John Chrysostom’s Homilies on the Epistle to the Romans also in Coptic

Michel Aubineau (1921-2002) remarked once that the number of Greek manuscripts which contain works attributed to John Chrysostom surpasses that of any other Church Father.[1] As far as our evidence goes, the same must have been true of the Coptic manuscripts, for there are over sixty literary pieces attributed to Chrysostom in Sahidic and Bohairic dialects.

Numerous translations of Golden Mouth’s works in Coptic are recorded by the Clavis Patrum Graecorum, but there is still much to be done regarding the outlines of his literary corpus in the vernacular language of Christian Egypt. Hereby I would like to show that the Coptic dossier of John Chrysostom can be enriched with a Sahidic fragment from one of his homilies on the Epistle to the Romans (CPG 4427).

The fragment in question is the first Coptic witness of these homilies and, together with the versions in the same language of the sermons on Matthew, John, Hebrews and so on, show that the Coptic monks were much interested in the exegetical works of John Chrysostom.


The Greek text of the thirty-two homilies on Romans is printed in vol. 60 of Migne’s Patrologia Graeca (coll. 391-682). According to the Sources chrétiennes website, François Papillon prepares the edition of these sermons for the renowned French collection. An English translation is readily accessible in vol. 11 of Nicene and Post-Nicene Fathers (NPNF), which is available also on-line, on the Christian Classics Ethereal Library’s website.

Besides Greek, Chrysostom’s homilies on Romans are also known in Armenian, Syriac, Arabic[2] and Old Slavonic.[3] As for Coptic, the fragment which I mentioned above belongs to the seventh homily and the text corresponds to columns 447-448 in volume 60 of Patrologia Graeca. It is written on parchment in the Sahidic dialect of Coptic and is kept today in the Rijksmuseum van Oudheden in Leiden under the inventory number F1976/4.2. The fragment belonged to a codex, but as it is the only one identified thus far, it is impossible to say if the manuscript contained the entire collection of the homilies on Romans or just a selection.

This leaf is not mentioned in the 1897 catalogue of the Coptic manuscripts in Leiden, compiled by Pleyte and Boeser,[4] because it had not been integrated to the collection of the Rijksmuseum until 1976, when it was sold to this institution by the Dutch antiquity dealer Karl Johannes Möger. According to the information supplied to me by the staff, the museum made numerous acquisitions from the same dealer between 1959 and 1984.

Möger played a significant role in the trajectory of Coptic manuscripts from Egypt to the Western collections after World War II. He was, perhaps, the most important dealer of Egyptian antiquities after Maurice Nahman. Among the notable manuscripts that went through Möger’s hands are some of the Michaelides papyri (the Leiden lot), the “Gospel” of the Savior (Berlin, P. Berol. 22220), and an unpublished codex of the Acts of the Apostles in Sahidic (New York, Pierpont Morgan M 910).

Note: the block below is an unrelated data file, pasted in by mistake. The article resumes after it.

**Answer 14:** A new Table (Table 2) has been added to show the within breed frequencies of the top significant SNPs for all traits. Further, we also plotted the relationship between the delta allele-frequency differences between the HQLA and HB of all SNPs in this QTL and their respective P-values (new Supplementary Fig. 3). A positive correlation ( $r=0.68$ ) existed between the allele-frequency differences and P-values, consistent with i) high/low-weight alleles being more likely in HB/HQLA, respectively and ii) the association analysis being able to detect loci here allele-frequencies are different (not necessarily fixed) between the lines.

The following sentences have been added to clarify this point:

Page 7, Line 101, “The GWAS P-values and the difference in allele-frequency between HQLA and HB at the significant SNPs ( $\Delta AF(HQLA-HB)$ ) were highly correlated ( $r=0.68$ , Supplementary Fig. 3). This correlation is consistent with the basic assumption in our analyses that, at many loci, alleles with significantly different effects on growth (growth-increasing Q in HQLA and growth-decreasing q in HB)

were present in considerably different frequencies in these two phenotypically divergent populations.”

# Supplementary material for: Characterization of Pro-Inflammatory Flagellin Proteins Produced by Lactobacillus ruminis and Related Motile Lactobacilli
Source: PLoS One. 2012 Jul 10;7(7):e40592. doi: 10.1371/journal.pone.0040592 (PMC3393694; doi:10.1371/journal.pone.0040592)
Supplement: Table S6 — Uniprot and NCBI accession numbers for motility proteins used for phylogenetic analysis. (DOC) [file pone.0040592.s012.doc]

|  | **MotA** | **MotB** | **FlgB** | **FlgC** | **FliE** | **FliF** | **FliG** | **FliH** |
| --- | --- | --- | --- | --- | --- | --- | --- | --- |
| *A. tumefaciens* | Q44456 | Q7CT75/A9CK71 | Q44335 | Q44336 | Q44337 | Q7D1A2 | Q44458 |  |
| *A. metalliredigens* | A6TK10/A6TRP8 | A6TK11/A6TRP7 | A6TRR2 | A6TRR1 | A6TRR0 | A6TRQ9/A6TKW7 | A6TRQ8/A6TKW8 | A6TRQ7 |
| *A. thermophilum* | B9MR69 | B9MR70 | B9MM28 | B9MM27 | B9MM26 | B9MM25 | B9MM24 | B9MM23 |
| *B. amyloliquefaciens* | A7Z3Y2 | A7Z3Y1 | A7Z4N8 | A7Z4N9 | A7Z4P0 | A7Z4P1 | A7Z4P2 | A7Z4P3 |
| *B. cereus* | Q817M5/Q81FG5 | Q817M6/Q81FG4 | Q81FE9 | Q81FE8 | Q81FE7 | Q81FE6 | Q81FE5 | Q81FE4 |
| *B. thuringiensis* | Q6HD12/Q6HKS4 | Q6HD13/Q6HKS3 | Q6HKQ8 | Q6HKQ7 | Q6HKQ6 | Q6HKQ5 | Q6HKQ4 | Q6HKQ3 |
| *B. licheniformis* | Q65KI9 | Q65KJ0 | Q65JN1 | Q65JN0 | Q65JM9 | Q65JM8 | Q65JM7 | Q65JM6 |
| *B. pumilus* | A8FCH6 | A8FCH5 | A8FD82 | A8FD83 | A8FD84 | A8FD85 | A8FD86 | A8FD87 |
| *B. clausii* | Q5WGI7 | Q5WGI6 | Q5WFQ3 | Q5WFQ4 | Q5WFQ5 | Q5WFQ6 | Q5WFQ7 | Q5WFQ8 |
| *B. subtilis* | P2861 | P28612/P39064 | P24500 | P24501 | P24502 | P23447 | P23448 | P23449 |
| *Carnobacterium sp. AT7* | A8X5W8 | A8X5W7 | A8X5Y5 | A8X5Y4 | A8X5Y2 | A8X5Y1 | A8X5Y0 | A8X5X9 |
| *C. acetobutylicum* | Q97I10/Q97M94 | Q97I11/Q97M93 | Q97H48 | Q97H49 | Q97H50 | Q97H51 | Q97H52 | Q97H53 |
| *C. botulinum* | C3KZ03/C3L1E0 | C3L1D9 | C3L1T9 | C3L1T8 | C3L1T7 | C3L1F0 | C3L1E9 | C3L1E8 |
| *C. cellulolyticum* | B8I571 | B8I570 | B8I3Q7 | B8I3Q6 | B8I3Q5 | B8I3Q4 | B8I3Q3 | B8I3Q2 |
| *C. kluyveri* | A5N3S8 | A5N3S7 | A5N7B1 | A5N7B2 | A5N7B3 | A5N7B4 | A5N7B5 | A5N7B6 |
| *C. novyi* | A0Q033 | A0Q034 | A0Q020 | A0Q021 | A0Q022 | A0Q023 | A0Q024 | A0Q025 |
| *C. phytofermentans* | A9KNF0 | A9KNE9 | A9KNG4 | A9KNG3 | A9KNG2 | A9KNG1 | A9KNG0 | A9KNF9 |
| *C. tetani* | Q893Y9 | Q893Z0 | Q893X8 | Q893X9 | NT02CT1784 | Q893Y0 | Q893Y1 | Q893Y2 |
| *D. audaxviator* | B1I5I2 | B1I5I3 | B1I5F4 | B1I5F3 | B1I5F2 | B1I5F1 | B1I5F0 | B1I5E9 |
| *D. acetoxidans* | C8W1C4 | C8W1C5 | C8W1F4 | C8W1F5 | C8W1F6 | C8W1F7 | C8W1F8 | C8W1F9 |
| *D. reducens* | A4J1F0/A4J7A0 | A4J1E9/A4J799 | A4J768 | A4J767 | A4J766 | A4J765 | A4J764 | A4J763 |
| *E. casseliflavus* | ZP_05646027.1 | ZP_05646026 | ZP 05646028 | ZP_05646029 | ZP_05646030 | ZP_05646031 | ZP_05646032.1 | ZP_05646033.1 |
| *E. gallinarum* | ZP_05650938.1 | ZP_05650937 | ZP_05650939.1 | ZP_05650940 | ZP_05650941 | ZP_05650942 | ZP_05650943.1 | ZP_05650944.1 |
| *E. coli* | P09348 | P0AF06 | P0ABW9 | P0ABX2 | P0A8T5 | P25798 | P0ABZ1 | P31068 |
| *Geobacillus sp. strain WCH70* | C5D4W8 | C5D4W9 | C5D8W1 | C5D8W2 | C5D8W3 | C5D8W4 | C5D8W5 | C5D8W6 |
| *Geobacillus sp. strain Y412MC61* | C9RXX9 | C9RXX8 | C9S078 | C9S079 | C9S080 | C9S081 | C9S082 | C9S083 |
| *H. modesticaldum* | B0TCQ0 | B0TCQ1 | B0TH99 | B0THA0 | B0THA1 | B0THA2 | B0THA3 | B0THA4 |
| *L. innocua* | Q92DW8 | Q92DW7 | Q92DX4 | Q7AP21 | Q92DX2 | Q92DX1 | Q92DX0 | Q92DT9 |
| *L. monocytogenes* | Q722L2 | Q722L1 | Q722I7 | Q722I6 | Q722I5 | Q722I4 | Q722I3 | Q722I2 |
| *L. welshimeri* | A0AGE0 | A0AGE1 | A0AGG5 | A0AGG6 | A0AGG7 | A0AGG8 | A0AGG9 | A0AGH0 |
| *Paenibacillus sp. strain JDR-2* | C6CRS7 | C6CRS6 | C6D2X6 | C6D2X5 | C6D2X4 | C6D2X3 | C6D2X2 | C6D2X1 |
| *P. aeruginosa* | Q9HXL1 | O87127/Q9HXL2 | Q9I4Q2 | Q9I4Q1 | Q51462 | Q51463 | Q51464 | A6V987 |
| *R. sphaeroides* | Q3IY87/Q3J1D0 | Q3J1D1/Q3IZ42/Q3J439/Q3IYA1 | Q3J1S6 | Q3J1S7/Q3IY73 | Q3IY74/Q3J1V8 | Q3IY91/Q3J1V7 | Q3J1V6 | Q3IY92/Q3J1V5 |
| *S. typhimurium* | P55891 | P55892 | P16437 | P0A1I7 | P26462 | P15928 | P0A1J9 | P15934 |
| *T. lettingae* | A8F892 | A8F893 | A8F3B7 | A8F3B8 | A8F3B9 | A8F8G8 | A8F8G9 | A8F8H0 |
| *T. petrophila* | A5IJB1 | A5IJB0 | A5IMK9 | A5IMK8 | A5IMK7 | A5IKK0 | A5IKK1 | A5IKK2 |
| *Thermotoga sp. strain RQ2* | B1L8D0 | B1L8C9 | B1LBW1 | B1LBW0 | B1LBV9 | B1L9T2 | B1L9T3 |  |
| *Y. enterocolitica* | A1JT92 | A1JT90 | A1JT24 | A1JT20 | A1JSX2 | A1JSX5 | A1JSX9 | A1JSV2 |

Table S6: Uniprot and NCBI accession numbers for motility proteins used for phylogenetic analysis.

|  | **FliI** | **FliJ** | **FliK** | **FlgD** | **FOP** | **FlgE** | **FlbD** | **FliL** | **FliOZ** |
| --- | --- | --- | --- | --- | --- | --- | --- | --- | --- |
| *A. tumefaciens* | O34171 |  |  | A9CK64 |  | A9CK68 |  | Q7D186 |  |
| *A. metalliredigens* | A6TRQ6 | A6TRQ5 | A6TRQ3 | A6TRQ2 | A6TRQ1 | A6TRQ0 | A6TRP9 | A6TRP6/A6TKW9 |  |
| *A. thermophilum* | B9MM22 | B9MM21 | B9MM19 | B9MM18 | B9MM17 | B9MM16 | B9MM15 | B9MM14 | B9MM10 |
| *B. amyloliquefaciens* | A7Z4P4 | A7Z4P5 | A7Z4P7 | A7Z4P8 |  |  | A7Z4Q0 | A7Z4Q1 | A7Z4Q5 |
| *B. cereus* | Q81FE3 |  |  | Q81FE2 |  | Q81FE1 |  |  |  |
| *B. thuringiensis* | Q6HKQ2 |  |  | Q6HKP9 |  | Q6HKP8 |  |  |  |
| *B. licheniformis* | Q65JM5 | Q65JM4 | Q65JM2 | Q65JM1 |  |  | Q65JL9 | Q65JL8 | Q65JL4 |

Due to Karl J. Möger’s significant role in the development of our Coptic collections, I would like to know more about his personality, whether he is still alive, and if he recorded data on the provenance of the pertinent manuscripts. Perhaps somebody has further details about him.

[1] M. Aubineau, “Une enquête dans les manuscrits chrysostomiens: opportunité, difficultés, premier bilan,” Revue d’Histoire Ecclésiastique 63 (1968) 6 (reprinted in Idem, Recherches patristiques. Enquêtes sur des manuscrits, texts inédits, études [Amsterdam: Adolf M. Hakkert, 1974] 34). A similar view is expressed by C. Baur, S. Jean Chrysostome et ses œuvres dans l’histoire littéraire (Recueil de travaux publiés par les membres des conférences d’histoire et de philologie, 18; Louvain/Paris: Jules de Meester, 1907) 28-31. This wonderful book of Dom Baur can be downloaded here or here.

[2] S. Khalil, “À propos du volume II de la Clavis Patrum Graecorum,” Orientalia Christiana Periodica 43 (1977) 182-197, at 195.

[3] F. J. Thomson, “Chrysostomica Palaeoslavica. A Preliminary Study of the Chrysorrhoas (Zlatostruy) Collection,” Cyrillomethodianum 6 (1982) 1-65, passim.

[4] W. Pleyte & P. A. A. Boeser, Manuscrits coptes du Musée des Pays-Bas à Leide (Leiden 1897).


About Alin Suciu

I am a researcher at the Göttingen Academy of Sciences and Humanities. I write mostly on Coptic literature, Patristics, and apocryphal texts.
This entry was posted in John Chrysostom, Patristics and tagged , , , , . Bookmark the permalink.

4 Responses to John Chrysostom’s Homilies on the Epistle to the Romans also in Coptic

  1. You’re the best Alin. J’adore votre façon d’écrire.


  2. Pingback: A Leiden Manuscript Containing the Apocryphal Names of the Two Thieves | Alin Suciu

  3. Renate says:

    Dear Alin,
    Dr. Johan Möger, also known as Johan van der Heiden (1918-1994), passed away on October 28, 1994 and was buried at the Algemene Begraafplaats in Baarn, according to a family member, Rik van der Heiden (, p. 190).

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